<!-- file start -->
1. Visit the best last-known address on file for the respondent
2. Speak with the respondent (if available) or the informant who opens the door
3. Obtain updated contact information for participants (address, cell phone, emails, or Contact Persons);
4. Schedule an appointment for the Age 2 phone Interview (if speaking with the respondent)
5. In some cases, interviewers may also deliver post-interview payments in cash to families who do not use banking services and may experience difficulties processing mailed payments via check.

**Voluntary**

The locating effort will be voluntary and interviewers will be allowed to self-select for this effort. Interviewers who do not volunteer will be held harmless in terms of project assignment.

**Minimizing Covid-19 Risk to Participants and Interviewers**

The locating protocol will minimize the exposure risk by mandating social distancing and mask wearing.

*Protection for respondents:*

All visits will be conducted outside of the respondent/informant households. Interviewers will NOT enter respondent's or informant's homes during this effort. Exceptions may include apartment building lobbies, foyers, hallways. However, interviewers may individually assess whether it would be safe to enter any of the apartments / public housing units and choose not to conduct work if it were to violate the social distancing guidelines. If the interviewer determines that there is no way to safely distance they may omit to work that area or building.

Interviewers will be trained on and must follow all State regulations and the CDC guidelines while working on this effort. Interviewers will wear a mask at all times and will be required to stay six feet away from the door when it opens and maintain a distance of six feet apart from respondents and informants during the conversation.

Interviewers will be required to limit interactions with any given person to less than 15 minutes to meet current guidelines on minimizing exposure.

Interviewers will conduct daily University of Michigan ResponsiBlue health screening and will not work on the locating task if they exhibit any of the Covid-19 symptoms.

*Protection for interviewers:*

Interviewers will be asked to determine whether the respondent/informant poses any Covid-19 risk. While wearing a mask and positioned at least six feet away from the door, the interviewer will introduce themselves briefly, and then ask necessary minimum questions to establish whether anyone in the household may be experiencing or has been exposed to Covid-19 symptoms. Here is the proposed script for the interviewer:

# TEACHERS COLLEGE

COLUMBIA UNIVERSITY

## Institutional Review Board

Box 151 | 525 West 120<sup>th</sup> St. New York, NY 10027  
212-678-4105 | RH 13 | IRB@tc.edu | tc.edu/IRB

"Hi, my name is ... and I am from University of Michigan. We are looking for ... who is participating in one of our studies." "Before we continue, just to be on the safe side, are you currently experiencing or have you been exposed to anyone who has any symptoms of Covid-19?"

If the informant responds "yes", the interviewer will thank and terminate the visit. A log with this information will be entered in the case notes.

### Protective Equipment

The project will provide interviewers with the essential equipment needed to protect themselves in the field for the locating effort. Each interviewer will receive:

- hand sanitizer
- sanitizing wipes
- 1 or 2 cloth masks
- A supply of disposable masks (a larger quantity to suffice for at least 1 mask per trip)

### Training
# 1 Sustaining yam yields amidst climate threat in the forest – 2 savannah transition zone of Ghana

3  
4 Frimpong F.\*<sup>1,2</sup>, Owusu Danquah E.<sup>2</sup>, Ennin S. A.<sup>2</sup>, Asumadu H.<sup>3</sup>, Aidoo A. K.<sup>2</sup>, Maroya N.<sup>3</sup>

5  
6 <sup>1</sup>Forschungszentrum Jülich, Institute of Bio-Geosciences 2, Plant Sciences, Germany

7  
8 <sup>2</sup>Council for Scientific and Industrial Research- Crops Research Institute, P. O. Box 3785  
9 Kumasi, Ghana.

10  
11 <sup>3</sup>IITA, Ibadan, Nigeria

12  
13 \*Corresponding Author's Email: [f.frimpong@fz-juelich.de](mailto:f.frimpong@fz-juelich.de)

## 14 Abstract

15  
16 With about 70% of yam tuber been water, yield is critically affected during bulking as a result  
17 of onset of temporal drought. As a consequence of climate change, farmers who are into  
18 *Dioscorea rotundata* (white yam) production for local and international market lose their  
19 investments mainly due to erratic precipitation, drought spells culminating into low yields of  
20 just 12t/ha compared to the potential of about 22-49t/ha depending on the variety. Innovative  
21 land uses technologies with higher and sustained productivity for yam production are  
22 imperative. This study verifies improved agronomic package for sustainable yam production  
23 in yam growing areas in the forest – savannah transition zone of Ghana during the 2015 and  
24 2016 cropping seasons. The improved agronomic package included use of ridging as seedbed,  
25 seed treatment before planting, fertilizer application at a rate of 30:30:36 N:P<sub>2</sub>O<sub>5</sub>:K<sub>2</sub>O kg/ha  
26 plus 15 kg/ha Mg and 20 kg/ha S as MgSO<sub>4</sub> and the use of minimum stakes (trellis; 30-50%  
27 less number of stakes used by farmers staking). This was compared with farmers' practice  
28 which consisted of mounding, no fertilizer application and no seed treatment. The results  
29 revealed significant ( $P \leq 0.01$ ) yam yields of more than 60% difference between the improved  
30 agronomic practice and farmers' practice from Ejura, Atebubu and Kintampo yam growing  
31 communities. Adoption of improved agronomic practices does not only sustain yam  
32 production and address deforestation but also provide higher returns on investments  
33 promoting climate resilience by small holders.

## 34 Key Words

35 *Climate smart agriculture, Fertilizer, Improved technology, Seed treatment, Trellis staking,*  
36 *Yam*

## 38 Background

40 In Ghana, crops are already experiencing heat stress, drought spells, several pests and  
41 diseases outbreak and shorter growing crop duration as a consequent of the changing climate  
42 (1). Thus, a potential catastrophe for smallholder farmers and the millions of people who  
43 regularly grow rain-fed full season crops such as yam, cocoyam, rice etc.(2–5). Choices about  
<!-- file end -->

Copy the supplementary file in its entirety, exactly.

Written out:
1. Visit the best last-known address on file for the respondent
2. Speak with the respondent (if available) or the informant who opens the door
3. Obtain updated contact information for participants (address, cell phone, emails, or Contact Persons);
4. Schedule an appointment for the Age 2 phone Interview (if speaking with the respondent)
5. In some cases, interviewers may also deliver post-interview payments in cash to families who do not use banking services and may experience difficulties processing mailed payments via check.

**Voluntary**

The locating effort will be voluntary and interviewers will be allowed to self-select for this effort. Interviewers who do not volunteer will be held harmless in terms of project assignment.

**Minimizing Covid-19 Risk to Participants and Interviewers**

The locating protocol will minimize the exposure risk by mandating social distancing and mask wearing.

*Protection for respondents:*

All visits will be conducted outside of the respondent/informant households. Interviewers will NOT enter respondent's or informant's homes during this effort. Exceptions may include apartment building lobbies, foyers, hallways. However, interviewers may individually assess whether it would be safe to enter any of the apartments / public housing units and choose not to conduct work if it were to violate the social distancing guidelines. If the interviewer determines that there is no way to safely distance they may omit to work that area or building.

Interviewers will be trained on and must follow all State regulations and the CDC guidelines while working on this effort. Interviewers will wear a mask at all times and will be required to stay six feet away from the door when it opens and maintain a distance of six feet apart from respondents and informants during the conversation.

Interviewers will be required to limit interactions with any given person to less than 15 minutes to meet current guidelines on minimizing exposure.

Interviewers will conduct daily University of Michigan ResponsiBlue health screening and will not work on the locating task if they exhibit any of the Covid-19 symptoms.

*Protection for interviewers:*

Interviewers will be asked to determine whether the respondent/informant poses any Covid-19 risk. While wearing a mask and positioned at least six feet away from the door, the interviewer will introduce themselves briefly, and then ask necessary minimum questions to establish whether anyone in the household may be experiencing or has been exposed to Covid-19 symptoms. Here is the proposed script for the interviewer:

# TEACHERS COLLEGE

COLUMBIA UNIVERSITY

## Institutional Review Board

Box 151 | 525 West 120<sup>th</sup> St. New York, NY 10027  
212-678-4105 | RH 13 | IRB@tc.edu | tc.edu/IRB

"Hi, my name is ... and I am from University of Michigan. We are looking for ... who is participating in one of our studies." "Before we continue, just to be on the safe side, are you currently experiencing or have you been exposed to anyone who has any symptoms of Covid-19?"

If the informant responds "yes", the interviewer will thank and terminate the visit. A log with this information will be entered in the case notes.

### Protective Equipment

The project will provide interviewers with the essential equipment needed to protect themselves in the field for the locating effort. Each interviewer will receive:

- hand sanitizer
- sanitizing wipes
- 1 or 2 cloth masks
- A supply of disposable masks (a larger quantity to suffice for at least 1 mask per trip)

### Training
# 1 Sustaining yam yields amidst climate threat in the forest – 2 savannah transition zone of Ghana

3  
4 Frimpong F.\*<sup>1,2</sup>, Owusu Danquah E.<sup>2</sup>, Ennin S. A.<sup>2</sup>, Asumadu H.<sup>3</sup>, Aidoo A. K.<sup>2</sup>, Maroya N.<sup>3</sup>

5  
6 <sup>1</sup>Forschungszentrum Jülich, Institute of Bio-Geosciences 2, Plant Sciences, Germany

7  
8 <sup>2</sup>Council for Scientific and Industrial Research- Crops Research Institute, P. O. Box 3785  
9 Kumasi, Ghana.

10  
11 <sup>3</sup>IITA, Ibadan, Nigeria

12  
13 \*Corresponding Author's Email: [f.frimpong@fz-juelich.de](mailto:f.frimpong@fz-juelich.de)

## 14 Abstract

15  
16 With about 70% of yam tuber been water, yield is critically affected during bulking as a result  
17 of onset of temporal drought. As a consequence of climate change, farmers who are into  
18 *Dioscorea rotundata* (white yam) production for local and international market lose their  
19 investments mainly due to erratic precipitation, drought spells culminating into low yields of  
20 just 12t/ha compared to the potential of about 22-49t/ha depending on the variety. Innovative  
21 land uses technologies with higher and sustained productivity for yam production are  
22 imperative. This study verifies improved agronomic package for sustainable yam production  
23 in yam growing areas in the forest – savannah transition zone of Ghana during the 2015 and  
24 2016 cropping seasons. The improved agronomic package included use of ridging as seedbed,  
25 seed treatment before planting, fertilizer application at a rate of 30:30:36 N:P<sub>2</sub>O<sub>5</sub>:K<sub>2</sub>O kg/ha  
26 plus 15 kg/ha Mg and 20 kg/ha S as MgSO<sub>4</sub> and the use of minimum stakes (trellis; 30-50%  
27 less number of stakes used by farmers staking). This was compared with farmers' practice  
28 which consisted of mounding, no fertilizer application and no seed treatment. The results  
29 revealed significant ( $P \leq 0.01$ ) yam yields of more than 60% difference between the improved  
30 agronomic practice and farmers' practice from Ejura, Atebubu and Kintampo yam growing  
31 communities. Adoption of improved agronomic practices does not only sustain yam  
32 production and address deforestation but also provide higher returns on investments  
33 promoting climate resilience by small holders.

## 34 Key Words

35 *Climate smart agriculture, Fertilizer, Improved technology, Seed treatment, Trellis staking,*  
36 *Yam*

## 38 Background

40 In Ghana, crops are already experiencing heat stress, drought spells, several pests and  
41 diseases outbreak and shorter growing crop duration as a consequent of the changing climate  
42 (1). Thus, a potential catastrophe for smallholder farmers and the millions of people who  
43 regularly grow rain-fed full season crops such as yam, cocoyam, rice etc.(2–5). Choices about  